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Prime Time for Paul Ryan’s Guru (the One That’s Not Ayn Rand) - NYTimes.com


Stashed in: Libertarian, hope, Paul Ryan, Ayn Rand

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Hayek’s ideas aren’t completely new to American politics. Some mainstream Republicans, including Ronald Reagan, have name-checked him since at least the 1980s as a shorthand way of signaling their unfettered faith in the free market and objection to big government. But few actually engaged with Hayek’s many contentious (and outré) views, particularly his suspicion of all politicians, including Republicans, who claim to know something about how to make an economy function better. For these reasons, and others, Hayek has become fashionable of late among antigovernment protesters, and if Ryan brings even a watered-down version of his ideas into the Republican mainstream, the country’s biggest battles about the economy won’t be between right and left, but within the Republican Party itself — between Tea Party radicals who may feel legitimized and the establishment politicians they believe stand in their way.

For the past century, nearly every economic theory in the world has emerged from a broad tradition known as neoclassical economics. (Even communism can be seen as a neoclassical critique.) Neoclassicists can be left-wing or right-wing, but they share a set of crucial core beliefs, namely that it is useful to look for government policies that can improve the economy. Hayek and the rest of his ilk — known as the Austrian School — reject this. To an Austrian, the economy is incomprehensibly complex and constantly changing; and technocrats and politicians who claim to have figured out how to use government are deluded or self-interested or worse. According to Hayek, government intervention in the free market, like targeted tax cuts, can only make things worse.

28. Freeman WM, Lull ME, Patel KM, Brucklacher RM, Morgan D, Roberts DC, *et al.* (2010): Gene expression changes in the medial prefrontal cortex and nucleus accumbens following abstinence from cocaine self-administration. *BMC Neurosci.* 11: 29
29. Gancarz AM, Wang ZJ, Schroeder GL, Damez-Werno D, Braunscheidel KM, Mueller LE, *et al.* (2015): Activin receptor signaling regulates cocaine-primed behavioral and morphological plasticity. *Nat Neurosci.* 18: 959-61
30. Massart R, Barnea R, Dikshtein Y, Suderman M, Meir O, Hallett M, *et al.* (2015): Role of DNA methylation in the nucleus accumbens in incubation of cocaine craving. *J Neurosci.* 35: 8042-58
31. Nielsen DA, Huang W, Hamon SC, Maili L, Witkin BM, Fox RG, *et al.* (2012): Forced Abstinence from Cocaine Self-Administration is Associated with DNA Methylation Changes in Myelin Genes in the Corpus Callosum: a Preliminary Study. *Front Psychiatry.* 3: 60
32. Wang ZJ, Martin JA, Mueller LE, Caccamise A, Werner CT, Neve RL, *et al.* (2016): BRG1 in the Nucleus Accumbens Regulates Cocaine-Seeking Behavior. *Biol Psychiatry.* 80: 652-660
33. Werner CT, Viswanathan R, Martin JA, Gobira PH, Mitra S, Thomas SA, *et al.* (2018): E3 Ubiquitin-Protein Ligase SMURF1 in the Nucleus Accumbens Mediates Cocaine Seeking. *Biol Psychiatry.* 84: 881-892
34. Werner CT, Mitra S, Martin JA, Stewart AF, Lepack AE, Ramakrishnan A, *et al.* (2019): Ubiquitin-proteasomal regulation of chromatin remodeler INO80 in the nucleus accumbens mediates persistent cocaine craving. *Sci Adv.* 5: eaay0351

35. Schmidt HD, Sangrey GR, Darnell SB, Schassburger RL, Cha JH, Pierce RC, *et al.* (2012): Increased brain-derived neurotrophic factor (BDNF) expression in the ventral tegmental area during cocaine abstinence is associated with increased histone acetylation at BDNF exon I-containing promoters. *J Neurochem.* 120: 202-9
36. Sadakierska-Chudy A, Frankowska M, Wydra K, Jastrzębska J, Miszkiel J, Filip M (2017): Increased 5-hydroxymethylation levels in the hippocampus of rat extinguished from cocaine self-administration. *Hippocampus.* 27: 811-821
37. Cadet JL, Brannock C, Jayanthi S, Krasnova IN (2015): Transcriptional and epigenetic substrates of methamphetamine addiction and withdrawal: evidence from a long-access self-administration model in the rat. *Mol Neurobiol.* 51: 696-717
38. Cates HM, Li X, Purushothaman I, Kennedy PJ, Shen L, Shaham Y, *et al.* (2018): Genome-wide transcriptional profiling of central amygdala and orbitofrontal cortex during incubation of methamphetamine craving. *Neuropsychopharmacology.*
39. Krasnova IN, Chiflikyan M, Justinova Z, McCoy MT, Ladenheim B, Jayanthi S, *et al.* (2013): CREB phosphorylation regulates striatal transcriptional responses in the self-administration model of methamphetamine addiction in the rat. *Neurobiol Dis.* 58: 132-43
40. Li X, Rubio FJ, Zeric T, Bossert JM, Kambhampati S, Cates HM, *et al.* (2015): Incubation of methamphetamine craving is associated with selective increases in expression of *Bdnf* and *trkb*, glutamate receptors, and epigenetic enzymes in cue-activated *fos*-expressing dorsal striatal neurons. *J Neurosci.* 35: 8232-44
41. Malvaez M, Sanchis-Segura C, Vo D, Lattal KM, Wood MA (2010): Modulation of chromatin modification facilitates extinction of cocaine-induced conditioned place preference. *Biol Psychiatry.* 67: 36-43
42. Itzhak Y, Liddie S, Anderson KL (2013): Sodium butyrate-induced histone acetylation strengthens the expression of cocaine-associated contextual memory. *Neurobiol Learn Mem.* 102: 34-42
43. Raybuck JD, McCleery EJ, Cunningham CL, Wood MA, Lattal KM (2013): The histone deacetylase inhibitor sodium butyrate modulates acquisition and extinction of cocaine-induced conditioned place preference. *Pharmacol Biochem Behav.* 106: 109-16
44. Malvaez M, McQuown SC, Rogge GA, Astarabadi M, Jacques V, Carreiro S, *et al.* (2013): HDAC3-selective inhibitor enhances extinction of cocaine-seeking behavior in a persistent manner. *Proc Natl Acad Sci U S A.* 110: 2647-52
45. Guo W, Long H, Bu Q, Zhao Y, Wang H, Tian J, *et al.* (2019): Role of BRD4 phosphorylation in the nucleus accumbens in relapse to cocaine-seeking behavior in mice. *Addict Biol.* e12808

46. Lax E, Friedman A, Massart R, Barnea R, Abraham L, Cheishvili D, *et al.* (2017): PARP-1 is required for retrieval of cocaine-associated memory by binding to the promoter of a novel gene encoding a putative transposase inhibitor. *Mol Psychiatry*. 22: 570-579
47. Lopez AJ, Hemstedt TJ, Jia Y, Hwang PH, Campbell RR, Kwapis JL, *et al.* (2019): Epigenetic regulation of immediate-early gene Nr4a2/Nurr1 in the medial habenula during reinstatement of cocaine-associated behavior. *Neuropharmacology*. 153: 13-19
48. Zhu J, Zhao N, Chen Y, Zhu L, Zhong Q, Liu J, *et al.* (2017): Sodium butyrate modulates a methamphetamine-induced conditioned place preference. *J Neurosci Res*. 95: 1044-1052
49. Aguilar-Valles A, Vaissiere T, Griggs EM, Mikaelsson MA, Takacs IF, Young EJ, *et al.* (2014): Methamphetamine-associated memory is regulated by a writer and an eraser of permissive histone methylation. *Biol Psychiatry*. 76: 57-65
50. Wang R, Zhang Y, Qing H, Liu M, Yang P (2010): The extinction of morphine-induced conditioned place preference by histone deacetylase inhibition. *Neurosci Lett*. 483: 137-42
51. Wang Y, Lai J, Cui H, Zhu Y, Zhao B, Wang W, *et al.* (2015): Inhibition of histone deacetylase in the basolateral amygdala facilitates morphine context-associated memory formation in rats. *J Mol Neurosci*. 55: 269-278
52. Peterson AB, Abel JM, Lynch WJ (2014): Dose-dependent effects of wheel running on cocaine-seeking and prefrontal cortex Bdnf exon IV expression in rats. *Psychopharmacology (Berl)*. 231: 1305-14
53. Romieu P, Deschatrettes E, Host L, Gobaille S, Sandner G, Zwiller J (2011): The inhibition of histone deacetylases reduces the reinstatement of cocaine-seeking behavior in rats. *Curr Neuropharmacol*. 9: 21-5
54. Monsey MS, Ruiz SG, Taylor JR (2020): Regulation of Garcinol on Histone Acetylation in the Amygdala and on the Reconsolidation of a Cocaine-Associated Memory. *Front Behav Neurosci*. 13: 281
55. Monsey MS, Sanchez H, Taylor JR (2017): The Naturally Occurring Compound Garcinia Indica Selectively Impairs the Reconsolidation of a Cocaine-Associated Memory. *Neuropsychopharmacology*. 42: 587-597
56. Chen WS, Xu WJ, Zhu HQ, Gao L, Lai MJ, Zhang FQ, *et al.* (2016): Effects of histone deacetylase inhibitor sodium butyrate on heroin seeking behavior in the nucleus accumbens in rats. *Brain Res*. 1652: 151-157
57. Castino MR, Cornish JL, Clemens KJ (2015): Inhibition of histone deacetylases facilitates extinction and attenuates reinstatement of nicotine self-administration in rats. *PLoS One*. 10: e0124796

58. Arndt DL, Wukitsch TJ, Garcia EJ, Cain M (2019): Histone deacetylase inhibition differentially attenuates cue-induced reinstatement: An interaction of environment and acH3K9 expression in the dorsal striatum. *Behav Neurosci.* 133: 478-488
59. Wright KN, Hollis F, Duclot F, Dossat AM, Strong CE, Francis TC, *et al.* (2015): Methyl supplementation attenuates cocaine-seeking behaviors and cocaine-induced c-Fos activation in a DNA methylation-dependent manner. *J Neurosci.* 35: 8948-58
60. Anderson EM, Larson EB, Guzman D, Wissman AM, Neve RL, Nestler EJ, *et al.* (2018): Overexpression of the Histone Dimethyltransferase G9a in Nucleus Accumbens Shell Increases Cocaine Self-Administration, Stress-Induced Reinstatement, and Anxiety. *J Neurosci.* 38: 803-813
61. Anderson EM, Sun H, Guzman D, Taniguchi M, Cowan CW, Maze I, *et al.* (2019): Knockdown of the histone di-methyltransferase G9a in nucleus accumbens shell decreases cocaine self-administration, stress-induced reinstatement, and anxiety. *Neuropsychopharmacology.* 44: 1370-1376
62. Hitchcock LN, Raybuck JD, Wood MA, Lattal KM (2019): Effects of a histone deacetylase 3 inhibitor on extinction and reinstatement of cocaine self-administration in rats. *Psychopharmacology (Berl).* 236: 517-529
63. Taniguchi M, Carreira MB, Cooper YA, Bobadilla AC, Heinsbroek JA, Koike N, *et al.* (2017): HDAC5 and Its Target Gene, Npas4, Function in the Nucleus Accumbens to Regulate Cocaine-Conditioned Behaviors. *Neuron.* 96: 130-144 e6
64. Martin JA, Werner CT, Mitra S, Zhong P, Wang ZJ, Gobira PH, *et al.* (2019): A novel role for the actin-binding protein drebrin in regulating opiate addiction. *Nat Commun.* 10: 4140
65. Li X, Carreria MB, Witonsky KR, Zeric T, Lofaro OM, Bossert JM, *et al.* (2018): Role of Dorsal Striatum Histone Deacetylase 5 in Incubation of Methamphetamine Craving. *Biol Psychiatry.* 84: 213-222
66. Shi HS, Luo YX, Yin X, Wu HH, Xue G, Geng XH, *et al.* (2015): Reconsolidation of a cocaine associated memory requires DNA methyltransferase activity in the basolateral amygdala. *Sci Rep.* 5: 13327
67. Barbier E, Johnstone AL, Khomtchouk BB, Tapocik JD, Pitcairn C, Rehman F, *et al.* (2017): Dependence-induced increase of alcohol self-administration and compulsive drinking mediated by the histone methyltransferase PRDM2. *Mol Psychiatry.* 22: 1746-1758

It's a bit deeper than that, praxeology (aka Austrian economics) concerns itself more with the study of human action and attemping to apply a theory of action (and the action axiom) to economic behavior, rather than coming up with mechanisms for macroeconomic manipulation, which is what most non-austrian economic theory is predicated upon. It's really a different intellectual approach.

So... libertarian?

essentially, but it's not required.

Here's the jist of his most popular book, The Road to Serfdom, simplified in picture form. Most Hayek fans never read his more meaningful intellectual works regarding Business Cycles and theory of Capital

I was wondering where Paul Ryan got the word "Planners" from. :)

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